The singer gently develops the friendship, and it’s not until the last verse that you find out the reason for the song:

Three guys I knew pushed him into the cement
Threw away his bag and said he had no friends
He yelled that he did and he looked around
Tried getting up but they pushed him on down
That’s when he saw me, called out my name
And I turned my back, and just walked away.

Yeah I turned my back, and just walked away.”

I was bullied at school. Nothing physical – there was rarely so much as a hand laid on me – but nonetheless vicious and with lasting impact. The overwhelming emotions associated with those times were shame  (what was wrong with me?) and incredible loneliness. I felt completely isolated by the fact that no-one stood up for me, and no-one took it seriously. At worst the teachers assumed I had brought it on myself. At best they said it was “kids stuff” and I should just ignore it. It was pretty brutal on a teenage psyche.

And yet, there’s a bright side. As a result of that, I have a fierce anti-bullying obsession. I think I am physically incapable of seeing someone being bullied without trying to rescue them, and it’s been very interesting learning the most effective ways to defuse bullies. There is a reason that effective anti-bullying programmes in schools enlist all the students, by teaching them what bullying is, and building a culture that doesn’t tolerate it. The secret lies not in direct confrontation with the bullies themselves – that can be dangerous and can make the situation dramatically worse. Instead, the secret lies in supporting the victims.

Bullying works by singling out a vulnerable target, isolating them and making them miserable. At its worst, it cuts the targets off from any means of support, sometimes with threats:”If you tell anyone about this, I’ll kill you.” And sometimes more subtly. This makes it impossible for people to defend themselves effectively, and access the support they need to rebuild their self esteem to the point where they can overcome the bullying.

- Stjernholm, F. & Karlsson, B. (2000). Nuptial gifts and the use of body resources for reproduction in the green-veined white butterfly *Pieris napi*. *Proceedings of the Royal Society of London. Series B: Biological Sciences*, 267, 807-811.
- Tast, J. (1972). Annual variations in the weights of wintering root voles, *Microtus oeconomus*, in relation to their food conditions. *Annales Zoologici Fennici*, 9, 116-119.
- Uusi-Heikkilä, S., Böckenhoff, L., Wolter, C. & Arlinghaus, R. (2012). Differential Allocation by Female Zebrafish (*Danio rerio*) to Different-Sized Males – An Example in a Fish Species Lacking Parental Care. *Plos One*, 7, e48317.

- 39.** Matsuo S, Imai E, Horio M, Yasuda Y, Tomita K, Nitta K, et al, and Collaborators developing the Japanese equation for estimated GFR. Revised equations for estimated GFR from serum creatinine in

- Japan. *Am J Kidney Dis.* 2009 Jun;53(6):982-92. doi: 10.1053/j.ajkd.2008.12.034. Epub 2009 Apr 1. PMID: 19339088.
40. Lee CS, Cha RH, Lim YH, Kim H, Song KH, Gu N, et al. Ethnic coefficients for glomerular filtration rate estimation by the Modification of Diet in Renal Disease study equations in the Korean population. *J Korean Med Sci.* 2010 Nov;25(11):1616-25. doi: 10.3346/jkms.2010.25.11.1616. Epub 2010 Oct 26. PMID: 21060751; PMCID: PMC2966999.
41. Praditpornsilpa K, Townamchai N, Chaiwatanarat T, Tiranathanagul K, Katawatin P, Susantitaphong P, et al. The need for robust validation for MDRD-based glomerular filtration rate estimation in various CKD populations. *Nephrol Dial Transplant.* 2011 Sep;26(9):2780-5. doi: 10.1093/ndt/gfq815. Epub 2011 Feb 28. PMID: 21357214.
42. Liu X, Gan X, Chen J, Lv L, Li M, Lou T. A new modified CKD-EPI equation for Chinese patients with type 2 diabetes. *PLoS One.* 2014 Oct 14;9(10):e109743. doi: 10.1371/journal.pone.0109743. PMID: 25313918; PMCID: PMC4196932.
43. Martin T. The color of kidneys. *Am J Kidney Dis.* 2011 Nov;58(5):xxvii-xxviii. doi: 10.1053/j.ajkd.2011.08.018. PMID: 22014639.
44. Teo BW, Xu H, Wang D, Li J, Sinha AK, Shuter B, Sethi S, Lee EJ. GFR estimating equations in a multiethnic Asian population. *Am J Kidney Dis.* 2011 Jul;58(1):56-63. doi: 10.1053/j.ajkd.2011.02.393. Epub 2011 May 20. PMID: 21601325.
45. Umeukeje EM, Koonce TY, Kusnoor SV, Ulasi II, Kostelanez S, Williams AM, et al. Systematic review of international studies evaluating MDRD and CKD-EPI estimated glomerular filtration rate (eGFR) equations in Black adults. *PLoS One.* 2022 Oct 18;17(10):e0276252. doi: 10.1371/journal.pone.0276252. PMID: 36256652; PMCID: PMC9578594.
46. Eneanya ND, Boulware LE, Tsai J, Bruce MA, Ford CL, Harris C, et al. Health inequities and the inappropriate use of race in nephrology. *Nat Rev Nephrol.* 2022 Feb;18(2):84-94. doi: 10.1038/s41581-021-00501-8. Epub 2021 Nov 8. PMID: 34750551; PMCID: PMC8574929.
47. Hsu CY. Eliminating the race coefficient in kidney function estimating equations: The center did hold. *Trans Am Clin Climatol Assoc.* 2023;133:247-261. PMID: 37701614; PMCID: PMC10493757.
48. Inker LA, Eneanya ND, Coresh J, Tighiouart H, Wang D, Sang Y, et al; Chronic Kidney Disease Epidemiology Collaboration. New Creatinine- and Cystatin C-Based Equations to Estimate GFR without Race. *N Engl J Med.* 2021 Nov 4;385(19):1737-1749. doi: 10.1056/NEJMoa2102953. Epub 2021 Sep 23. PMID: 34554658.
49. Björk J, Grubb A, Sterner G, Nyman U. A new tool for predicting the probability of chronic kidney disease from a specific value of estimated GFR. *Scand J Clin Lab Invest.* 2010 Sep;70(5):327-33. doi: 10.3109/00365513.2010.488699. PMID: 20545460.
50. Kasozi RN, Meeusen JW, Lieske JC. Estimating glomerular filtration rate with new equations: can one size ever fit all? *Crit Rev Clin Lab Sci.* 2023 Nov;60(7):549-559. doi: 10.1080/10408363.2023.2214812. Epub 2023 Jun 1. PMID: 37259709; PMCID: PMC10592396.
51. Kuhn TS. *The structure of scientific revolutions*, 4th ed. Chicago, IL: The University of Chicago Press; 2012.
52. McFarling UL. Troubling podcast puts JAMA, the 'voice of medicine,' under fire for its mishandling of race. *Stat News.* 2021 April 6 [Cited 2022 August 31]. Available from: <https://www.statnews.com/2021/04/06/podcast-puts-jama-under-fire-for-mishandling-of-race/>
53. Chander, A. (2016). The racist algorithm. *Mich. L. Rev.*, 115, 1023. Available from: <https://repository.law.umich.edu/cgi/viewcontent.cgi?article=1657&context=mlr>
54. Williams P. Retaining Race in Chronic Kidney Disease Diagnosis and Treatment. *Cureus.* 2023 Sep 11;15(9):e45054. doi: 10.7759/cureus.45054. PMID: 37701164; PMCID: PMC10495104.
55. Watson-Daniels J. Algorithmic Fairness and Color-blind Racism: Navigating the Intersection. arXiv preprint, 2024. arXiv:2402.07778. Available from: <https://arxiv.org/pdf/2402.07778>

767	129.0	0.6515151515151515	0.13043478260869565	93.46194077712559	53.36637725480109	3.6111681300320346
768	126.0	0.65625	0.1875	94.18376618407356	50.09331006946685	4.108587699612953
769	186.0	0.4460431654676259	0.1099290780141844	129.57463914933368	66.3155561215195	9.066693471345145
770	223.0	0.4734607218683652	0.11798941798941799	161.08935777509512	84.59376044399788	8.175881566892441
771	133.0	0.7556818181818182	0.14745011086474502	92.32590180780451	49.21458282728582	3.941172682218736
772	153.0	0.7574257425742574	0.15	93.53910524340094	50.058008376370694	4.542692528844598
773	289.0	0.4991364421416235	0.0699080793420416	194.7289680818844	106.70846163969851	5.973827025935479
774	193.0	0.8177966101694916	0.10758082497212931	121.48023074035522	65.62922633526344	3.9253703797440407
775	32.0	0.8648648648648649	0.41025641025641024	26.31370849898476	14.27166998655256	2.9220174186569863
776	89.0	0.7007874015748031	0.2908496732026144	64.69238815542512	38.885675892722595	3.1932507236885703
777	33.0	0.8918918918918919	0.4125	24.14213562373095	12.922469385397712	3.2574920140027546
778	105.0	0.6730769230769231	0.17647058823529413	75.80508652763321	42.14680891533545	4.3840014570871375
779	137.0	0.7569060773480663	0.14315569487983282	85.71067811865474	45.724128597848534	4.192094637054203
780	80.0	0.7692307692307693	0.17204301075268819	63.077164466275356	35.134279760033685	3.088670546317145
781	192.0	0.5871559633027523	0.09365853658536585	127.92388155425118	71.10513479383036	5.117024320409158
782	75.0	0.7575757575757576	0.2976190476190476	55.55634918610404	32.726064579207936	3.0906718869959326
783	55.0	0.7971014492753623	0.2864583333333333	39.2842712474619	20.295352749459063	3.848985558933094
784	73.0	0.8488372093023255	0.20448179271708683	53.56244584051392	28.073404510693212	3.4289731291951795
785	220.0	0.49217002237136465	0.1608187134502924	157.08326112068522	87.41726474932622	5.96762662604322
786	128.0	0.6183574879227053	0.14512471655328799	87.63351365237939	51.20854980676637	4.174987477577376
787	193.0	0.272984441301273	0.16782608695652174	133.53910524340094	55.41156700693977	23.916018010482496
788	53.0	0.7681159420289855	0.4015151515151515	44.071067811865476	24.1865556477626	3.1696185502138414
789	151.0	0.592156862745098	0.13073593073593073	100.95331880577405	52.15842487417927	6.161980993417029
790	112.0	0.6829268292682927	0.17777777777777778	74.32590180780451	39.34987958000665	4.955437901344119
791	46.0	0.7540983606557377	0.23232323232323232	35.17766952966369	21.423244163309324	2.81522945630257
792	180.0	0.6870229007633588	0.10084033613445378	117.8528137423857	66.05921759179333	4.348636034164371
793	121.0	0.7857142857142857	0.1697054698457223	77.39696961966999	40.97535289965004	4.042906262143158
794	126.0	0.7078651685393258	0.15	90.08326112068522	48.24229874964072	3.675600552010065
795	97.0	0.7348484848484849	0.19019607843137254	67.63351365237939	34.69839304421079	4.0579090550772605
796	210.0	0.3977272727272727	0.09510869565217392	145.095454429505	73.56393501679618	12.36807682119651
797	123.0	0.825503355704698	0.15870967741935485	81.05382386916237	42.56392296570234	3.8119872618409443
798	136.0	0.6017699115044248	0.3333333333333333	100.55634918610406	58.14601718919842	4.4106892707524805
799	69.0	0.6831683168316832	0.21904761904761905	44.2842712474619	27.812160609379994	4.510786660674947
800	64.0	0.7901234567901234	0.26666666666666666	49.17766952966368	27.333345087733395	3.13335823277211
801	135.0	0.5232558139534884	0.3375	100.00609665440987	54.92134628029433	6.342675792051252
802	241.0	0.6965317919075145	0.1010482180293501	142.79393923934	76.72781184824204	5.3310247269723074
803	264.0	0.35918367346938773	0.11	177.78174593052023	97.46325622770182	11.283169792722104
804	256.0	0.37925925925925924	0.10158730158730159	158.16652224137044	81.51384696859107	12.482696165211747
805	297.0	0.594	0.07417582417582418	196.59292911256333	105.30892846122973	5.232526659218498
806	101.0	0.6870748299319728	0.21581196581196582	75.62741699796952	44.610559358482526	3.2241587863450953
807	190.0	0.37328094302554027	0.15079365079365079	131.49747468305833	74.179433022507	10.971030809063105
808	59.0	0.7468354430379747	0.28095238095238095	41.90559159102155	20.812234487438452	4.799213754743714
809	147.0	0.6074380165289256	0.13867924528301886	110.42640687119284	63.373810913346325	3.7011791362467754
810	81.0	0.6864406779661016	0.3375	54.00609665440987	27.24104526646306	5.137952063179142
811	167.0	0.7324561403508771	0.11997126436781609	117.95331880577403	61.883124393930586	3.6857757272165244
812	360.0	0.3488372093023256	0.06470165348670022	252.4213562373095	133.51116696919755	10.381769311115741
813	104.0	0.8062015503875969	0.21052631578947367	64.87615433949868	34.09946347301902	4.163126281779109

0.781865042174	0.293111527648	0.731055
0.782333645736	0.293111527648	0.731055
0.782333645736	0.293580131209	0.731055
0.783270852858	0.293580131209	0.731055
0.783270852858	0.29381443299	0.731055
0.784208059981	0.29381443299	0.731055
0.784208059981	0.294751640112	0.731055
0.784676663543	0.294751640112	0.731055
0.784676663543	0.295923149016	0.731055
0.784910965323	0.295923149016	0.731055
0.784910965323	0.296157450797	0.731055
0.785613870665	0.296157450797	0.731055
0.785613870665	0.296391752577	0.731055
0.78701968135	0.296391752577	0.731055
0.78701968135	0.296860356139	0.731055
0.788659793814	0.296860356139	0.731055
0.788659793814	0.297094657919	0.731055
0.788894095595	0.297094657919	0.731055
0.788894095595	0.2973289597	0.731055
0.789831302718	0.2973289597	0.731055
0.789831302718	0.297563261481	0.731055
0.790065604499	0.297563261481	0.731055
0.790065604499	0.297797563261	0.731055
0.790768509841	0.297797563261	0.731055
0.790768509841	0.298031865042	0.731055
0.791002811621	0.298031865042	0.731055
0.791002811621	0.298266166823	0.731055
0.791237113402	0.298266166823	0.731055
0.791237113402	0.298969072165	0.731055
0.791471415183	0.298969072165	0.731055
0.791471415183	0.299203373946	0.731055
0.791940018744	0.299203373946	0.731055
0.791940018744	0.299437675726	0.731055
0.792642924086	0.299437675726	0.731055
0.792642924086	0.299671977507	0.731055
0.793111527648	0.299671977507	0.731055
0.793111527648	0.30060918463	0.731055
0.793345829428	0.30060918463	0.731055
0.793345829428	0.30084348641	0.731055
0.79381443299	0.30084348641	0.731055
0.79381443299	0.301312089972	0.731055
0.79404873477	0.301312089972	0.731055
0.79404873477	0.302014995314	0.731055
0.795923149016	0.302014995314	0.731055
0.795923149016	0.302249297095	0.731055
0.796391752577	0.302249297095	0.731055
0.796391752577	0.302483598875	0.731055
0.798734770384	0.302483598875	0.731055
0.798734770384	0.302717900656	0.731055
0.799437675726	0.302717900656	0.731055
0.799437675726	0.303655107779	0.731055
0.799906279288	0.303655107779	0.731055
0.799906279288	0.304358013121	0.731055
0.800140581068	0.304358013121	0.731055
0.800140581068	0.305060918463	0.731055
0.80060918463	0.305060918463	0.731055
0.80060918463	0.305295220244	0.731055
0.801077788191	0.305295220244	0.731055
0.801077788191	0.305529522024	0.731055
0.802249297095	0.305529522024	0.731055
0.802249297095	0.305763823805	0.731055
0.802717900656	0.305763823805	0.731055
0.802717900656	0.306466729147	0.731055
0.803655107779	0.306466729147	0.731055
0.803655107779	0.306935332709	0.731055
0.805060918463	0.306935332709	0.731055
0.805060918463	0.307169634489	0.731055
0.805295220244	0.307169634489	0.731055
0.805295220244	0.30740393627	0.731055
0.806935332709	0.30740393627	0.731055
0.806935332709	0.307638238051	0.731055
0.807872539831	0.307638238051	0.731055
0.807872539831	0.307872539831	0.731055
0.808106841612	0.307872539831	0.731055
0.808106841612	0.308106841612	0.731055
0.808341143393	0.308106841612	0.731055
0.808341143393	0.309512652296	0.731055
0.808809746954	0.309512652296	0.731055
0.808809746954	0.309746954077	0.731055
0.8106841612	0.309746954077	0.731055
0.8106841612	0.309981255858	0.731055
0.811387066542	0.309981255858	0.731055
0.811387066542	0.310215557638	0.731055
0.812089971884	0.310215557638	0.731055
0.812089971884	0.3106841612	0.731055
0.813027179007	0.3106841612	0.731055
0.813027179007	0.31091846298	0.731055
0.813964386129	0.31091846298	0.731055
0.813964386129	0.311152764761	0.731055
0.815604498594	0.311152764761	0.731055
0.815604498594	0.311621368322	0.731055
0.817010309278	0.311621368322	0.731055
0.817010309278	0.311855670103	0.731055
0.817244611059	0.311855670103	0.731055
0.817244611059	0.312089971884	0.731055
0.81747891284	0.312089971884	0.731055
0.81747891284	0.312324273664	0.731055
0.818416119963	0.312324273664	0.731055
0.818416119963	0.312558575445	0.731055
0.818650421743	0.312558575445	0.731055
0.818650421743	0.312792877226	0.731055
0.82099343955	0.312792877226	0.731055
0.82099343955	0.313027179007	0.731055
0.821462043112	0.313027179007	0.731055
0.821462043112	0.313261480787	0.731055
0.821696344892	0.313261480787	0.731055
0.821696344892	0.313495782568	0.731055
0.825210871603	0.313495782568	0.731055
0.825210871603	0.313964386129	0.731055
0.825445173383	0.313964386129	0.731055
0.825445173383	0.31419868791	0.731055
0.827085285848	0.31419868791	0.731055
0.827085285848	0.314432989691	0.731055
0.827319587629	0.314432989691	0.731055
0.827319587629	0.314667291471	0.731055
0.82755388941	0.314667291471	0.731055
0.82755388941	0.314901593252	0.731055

Which means, of course, that the best way to stop a bully is to support his or her victim. When a mean comment cuts them down, make a nice one and build them back up. When they think they are alone and friendless, make it clear that you care and will support them.

As the haunting chorus shows, this can be hard to do when you’re young.

I was young and caught in the crowd
I didn’t know then what I know now
I was dumb and I was proud
And I’m sorry
If I could go back do it again
I’d be someone you could call friend
Please please believe that I’m sorry.”

Anti-bullying programmes in schools have come a long way. I am closely involved with two schools where, although bullying arises from time to time, it never lasts, because the school culture simply doesn’t give it house room. Sadly, many schools have yet to get the message. But it’s not just schools where bullying is an issue.

There are many levels of bullying – from aggressive shoppers shouting at sales assistants, to drivers running cyclists off the road. From kids acting out their aggression on the playground, to everyday bullies who cut people dead with a snide remark.